There seems to be a repeating pattern with Web 2.0 sites. They start with great buzz and joy from an enthusiastic group of early adopters, then fill with crud and crap as they attract a wider, less idealistic, more mainstream audience.
Memeorandum appears to be the latest example of this. After gushing about Memeorandum in hundreds of posts, sending huge numbers of people to check out the site, Robert Scoble suddenly said he is signing off of Memeorandum, explaining that he's tired of what he sees now, little useful information, a lot of snarky articles from people seeking traffic.
Similarly, in the early days of Digg, it attracted praise as more interesting and useful than Slashdot. Traffic grew and, only a short time later, Digg started to fill with spam and crap. Russell Beattie had a good post about this where he said that Digg is "really full of crap" and that "posts that have more quality" are "getting lost in a continual din of rumor mongering [and] grandstanding."
How many times does this cycle have to repeat before people start building systems designed from the start to deal with bad behavior, crap, and spam?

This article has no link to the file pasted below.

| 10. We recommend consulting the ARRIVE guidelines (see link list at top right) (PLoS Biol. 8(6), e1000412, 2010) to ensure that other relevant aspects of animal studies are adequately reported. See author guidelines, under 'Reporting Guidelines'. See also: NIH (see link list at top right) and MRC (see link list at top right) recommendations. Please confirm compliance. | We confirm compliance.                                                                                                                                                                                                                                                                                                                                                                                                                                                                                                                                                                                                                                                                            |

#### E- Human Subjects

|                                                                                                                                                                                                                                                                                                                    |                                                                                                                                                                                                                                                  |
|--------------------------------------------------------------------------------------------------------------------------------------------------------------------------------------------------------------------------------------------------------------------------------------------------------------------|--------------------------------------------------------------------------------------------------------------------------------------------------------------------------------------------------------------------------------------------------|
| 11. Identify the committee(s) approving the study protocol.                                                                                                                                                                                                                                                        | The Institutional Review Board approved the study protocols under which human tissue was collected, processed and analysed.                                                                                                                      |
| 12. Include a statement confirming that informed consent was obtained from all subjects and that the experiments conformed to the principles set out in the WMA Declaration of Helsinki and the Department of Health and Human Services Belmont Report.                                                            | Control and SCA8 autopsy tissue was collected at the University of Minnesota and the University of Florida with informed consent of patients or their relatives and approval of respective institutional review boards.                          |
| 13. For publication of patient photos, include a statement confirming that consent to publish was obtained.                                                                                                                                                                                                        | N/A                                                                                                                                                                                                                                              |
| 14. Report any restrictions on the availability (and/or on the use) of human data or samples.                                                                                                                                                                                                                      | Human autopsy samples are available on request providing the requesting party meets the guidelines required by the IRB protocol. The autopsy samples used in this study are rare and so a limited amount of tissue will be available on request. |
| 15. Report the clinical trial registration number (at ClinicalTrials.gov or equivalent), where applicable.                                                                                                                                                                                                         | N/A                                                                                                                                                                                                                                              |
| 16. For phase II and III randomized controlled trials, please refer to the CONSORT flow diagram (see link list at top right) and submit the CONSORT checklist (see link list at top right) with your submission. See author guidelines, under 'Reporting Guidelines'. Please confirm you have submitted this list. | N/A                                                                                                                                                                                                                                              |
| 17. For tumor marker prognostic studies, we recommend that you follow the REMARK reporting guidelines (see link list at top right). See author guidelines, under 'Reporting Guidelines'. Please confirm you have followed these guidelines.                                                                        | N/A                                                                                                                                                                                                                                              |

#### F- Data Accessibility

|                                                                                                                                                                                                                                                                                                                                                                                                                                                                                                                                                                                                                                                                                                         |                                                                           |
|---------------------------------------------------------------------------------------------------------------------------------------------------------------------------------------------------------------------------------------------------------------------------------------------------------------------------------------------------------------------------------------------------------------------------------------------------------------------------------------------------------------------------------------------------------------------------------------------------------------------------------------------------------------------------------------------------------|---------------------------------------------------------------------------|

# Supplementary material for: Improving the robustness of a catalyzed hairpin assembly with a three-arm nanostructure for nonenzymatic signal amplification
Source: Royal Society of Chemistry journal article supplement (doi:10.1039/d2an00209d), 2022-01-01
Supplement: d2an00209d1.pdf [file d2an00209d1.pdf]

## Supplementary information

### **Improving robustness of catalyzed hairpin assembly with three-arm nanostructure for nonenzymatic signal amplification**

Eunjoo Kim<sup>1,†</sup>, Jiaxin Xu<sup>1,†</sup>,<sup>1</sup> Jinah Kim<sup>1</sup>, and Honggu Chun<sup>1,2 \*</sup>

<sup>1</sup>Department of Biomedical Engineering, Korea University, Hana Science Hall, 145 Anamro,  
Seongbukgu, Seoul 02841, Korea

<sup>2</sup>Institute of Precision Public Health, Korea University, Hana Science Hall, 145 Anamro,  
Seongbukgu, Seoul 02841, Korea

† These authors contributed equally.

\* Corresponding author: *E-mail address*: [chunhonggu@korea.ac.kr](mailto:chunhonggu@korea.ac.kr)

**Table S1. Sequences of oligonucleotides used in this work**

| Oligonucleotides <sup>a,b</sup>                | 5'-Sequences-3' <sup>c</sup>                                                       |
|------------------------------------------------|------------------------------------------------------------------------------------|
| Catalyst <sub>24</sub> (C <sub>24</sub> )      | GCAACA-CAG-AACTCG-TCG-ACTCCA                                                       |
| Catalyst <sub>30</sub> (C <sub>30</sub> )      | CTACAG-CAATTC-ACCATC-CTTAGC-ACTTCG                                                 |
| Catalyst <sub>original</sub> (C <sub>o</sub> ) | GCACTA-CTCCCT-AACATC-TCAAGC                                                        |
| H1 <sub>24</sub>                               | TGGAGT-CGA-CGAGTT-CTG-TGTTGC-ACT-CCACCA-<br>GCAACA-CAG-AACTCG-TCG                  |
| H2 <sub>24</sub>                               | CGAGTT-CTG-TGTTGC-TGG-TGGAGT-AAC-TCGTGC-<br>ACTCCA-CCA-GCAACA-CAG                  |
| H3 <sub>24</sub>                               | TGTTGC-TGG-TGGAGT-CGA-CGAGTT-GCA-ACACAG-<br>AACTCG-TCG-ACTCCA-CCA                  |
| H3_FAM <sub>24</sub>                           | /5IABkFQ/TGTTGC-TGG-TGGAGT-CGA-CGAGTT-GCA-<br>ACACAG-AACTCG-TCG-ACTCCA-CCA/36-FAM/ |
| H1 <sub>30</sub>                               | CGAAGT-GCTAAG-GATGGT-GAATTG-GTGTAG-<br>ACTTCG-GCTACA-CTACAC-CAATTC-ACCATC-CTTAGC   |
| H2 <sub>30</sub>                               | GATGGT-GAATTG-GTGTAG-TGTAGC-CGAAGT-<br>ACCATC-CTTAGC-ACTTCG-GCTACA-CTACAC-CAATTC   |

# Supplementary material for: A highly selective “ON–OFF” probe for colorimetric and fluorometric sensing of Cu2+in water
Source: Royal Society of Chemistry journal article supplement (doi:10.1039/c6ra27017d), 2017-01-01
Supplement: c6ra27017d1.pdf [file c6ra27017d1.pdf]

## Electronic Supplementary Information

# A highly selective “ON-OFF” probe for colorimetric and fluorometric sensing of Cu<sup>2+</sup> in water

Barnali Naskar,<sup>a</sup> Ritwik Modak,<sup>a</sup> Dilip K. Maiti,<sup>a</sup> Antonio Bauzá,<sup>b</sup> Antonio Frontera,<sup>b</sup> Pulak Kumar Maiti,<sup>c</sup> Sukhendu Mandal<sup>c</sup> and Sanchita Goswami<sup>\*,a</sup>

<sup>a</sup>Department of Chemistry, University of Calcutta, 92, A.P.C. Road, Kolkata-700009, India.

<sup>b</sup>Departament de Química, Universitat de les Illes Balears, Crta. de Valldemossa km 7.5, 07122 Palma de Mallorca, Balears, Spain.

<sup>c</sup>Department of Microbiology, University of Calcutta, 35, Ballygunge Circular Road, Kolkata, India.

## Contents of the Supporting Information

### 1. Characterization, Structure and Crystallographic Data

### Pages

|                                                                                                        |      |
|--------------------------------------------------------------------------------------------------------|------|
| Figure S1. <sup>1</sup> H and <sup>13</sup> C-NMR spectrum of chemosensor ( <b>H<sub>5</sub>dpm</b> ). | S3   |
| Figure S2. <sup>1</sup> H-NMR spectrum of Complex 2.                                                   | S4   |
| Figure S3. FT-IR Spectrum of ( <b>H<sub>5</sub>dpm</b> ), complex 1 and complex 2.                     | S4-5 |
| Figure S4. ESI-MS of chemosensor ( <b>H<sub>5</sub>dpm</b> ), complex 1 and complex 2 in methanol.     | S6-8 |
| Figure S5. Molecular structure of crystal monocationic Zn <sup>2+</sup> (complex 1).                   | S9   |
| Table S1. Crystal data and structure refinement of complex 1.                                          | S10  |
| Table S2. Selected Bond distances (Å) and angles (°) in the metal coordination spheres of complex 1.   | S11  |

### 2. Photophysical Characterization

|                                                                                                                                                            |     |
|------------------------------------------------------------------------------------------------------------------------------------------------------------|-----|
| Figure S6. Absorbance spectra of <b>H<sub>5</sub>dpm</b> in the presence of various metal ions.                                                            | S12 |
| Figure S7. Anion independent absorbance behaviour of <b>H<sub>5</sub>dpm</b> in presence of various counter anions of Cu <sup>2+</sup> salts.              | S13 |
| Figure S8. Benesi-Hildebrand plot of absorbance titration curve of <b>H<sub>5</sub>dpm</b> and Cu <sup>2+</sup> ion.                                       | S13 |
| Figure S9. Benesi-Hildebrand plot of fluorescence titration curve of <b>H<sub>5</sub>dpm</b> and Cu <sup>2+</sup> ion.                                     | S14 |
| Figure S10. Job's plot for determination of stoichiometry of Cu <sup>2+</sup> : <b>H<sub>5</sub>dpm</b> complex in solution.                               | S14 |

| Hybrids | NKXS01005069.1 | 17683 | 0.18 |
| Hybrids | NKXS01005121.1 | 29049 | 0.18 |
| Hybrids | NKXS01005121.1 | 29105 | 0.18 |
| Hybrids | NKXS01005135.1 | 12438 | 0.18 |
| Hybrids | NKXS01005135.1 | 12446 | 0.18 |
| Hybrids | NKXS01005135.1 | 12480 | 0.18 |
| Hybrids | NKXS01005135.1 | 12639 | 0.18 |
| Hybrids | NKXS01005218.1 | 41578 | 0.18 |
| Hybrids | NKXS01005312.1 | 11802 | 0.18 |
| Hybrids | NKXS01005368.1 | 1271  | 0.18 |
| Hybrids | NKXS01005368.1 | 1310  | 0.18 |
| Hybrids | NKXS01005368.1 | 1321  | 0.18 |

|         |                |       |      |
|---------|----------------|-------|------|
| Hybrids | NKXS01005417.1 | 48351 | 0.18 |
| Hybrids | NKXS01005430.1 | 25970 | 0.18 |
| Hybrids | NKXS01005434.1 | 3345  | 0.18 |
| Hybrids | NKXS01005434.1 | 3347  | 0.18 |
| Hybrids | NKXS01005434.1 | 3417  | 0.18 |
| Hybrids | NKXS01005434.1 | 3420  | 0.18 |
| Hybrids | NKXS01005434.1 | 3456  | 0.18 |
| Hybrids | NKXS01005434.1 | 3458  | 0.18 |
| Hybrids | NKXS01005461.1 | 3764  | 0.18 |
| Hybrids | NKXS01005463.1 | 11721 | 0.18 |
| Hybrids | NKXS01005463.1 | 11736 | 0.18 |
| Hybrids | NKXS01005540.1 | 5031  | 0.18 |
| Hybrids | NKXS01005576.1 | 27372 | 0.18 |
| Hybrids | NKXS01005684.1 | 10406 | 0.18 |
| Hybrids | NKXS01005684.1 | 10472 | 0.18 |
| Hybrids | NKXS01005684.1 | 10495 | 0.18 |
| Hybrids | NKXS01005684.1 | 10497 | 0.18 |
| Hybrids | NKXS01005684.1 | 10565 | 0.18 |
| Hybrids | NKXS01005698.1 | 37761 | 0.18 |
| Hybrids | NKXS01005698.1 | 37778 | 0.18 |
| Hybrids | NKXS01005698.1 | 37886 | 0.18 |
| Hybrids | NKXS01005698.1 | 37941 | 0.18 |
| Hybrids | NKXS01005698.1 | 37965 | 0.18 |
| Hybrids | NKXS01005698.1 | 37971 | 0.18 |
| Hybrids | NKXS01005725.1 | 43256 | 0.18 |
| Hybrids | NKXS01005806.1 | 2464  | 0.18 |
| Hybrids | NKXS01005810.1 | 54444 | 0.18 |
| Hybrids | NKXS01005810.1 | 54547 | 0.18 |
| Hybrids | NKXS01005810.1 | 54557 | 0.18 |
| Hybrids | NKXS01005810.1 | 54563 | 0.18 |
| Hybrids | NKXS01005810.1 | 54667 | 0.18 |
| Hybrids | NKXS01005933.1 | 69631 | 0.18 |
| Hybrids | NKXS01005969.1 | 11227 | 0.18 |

Sure, you can get away without it while you're small. Spammers don't care about you when you're small; there's no profit motive. But, if you ever hope of building anything that works for the mainstream, you need can't assume everyone will play nice.
If your product tries to help people find stuff they need, you need to design from the start to surface the good stuff and filter out the crap.
See also Xeni Jardin's article in Wired, "Web 2.0 Cracks Start to Show", where she says, "When you invite the whole world to your party, inevitably someone pees in the beer."
See also my earlier posts, "Getting the crap out of user-generated content" and "Digg, spam, and most popular lists".
Update: Gabe Rivera, founder of Memeorandum, takes issue with my claims and says I mischaracterized Scoble's issues in the comments to this post. He makes good points, and it is well worth reading his thoughts.
Update: Six months later, the problem with spam on Digg gets worse.
Update: Nine months later, it appears my prediction about Memeorandum and spam did not come true. TechMeme appears to be focusing on mainly on high quality, more popular weblogs. These weblogs already have a lot of traffic and little incentive to manipulate TechMeme. This approach may exclude some of the long tail of blogs, but is effective at increasing quality and reducing spam.